1. The Fortress of Solitude, Dallas Theater Center, through April 6.
Named for Superman’s secret Artic headquarters, Jonathan Lethem’s semi-autiographical novel-turned-musical concerns two boyhood friends who grow up together in Brooklyn’s newly-christened Boerum Hill in the 1970s. The narrative follows the boys as their lives diverge on different paths. Read FrontRow’s full review here.
2. We Are Proud to Present a Presentation…, Undermain Theatre, through April 19.
Jackie Sibblies Drury’s play concerns a troupe of actors attempting to stage their own play about a somewhat lesser-known genocide perpetrated by German soldiers in the early 20th century against the African tribe Herero. We, the audience, never actually see the finished presentation. Instead, we play intimate witness when trouble arises during the rehearsal process. Digging into the one-sided source material (history is written by the victors, as the saying goes) proves more emotionally fraught than the actors are equipped to handle.
3. Dancing Beyond Borders, Dallas Black Dance Theatre at W.E. Scott Theatre, Mar. 21.
The dynamic Dallas Black Dance Theatre presents a showcase of new and original works choreographed by company members Katricia Eaglin, Richard A. Freeman, Jr., and Nycole Ray. Both professional companies, DBDT and DBDT II, will perform. The program also includes a reprisal of repertory piece …And Now Marvin, choreographer Darryl Sneed’s tribute to the activist music of singer Marvin Gaye.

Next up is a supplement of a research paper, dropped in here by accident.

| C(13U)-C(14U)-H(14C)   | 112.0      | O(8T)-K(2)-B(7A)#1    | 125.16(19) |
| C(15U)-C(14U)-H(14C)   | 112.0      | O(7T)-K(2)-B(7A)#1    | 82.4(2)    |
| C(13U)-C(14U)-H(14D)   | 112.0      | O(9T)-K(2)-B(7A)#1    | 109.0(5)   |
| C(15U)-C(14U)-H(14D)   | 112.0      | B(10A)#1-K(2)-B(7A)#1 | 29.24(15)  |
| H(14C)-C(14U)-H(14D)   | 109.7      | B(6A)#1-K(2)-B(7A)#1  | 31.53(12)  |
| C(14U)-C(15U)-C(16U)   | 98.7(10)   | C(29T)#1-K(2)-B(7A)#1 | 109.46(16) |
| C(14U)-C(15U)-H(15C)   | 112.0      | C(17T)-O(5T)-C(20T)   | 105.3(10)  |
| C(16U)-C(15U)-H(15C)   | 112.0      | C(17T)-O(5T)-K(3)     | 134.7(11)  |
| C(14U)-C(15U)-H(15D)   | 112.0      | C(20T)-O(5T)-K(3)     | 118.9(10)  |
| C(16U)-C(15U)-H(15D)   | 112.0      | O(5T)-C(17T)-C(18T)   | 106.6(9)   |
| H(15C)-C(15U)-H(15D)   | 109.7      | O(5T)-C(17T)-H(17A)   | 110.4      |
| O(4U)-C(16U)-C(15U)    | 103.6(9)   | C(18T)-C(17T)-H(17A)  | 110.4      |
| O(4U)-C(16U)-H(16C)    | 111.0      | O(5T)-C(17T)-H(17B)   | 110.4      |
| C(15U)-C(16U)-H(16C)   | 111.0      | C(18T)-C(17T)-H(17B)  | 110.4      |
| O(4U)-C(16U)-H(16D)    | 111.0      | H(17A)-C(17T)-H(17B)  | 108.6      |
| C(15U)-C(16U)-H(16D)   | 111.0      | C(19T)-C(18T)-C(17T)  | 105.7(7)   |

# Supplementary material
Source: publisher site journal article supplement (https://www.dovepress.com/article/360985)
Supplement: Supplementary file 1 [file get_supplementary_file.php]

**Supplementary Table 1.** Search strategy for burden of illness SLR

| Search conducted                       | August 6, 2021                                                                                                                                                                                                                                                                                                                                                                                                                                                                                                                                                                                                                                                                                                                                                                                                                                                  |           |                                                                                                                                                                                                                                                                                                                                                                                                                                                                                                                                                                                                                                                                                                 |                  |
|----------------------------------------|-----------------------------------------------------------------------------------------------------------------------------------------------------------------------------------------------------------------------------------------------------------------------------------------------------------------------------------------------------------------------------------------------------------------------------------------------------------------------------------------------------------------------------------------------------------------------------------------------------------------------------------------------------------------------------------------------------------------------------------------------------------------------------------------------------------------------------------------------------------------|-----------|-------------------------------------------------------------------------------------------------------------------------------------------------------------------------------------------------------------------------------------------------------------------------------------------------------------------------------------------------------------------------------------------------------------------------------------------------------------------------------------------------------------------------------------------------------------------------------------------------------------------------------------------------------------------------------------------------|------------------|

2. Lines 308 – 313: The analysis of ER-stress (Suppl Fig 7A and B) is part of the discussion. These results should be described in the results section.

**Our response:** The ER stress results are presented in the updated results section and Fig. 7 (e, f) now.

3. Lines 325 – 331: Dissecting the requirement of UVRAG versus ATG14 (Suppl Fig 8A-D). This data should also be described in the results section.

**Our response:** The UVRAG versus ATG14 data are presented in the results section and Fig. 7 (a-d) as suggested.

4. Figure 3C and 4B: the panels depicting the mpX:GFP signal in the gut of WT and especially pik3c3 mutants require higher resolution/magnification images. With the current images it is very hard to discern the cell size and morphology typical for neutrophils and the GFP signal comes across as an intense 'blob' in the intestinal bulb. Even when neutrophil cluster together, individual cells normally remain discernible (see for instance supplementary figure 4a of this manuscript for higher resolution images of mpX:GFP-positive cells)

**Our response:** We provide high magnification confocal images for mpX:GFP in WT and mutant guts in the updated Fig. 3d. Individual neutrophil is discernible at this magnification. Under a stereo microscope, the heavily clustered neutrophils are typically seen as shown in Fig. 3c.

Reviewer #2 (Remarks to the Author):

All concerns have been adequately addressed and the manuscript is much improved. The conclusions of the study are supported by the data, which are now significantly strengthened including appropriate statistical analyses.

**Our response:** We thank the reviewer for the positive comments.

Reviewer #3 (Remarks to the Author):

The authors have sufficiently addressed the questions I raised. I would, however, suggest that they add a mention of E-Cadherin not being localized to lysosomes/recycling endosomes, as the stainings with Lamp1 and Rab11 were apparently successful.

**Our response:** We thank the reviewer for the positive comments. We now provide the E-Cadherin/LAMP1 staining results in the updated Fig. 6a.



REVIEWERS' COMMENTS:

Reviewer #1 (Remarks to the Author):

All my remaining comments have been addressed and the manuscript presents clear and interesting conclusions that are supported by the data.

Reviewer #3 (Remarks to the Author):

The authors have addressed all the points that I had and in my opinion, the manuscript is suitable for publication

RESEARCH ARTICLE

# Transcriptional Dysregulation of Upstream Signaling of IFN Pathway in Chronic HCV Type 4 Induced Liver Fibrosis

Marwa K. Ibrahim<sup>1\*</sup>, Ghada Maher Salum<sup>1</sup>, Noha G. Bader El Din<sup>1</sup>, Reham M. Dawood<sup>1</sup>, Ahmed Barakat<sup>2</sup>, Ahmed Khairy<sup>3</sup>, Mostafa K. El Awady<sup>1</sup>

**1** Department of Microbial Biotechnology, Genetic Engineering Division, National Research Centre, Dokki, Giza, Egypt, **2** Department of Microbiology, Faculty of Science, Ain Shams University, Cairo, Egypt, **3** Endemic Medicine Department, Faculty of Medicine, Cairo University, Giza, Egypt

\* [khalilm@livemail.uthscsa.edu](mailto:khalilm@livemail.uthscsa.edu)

4. Die tote Stadt, Winspear Opera House, Mar. 21 & 23.
Erich Wolfgang Korngold was just 23 when he composed Die tote Stadt, German for The Dead City, a sweeping work of that explores the hallucinatory experience of memory and the pain of lost love in a society ravaged by the first World War. It’s generally considered a forgotten gem from the 20th century, though its beauty has prompted favorable comparisons to the orchestrations of the Italian master Puccini and fellow German Richard Strauss.
5. Ain’t Misbehavin’, Jubilee Theatre, being performances Mar. 21.
The exuberant life of Thomas ‘Fats’ Waller, a pioneering jazz pianist at the height of the Harlem Renaissance, offers a soulful foundation for this raucous musical revue celebrating black musicians of the era as well as that new form of entertainment: swing. The title is taken from one of Waller’s songs, though you’ll hear compositions by other influential artists sprinkled throughout.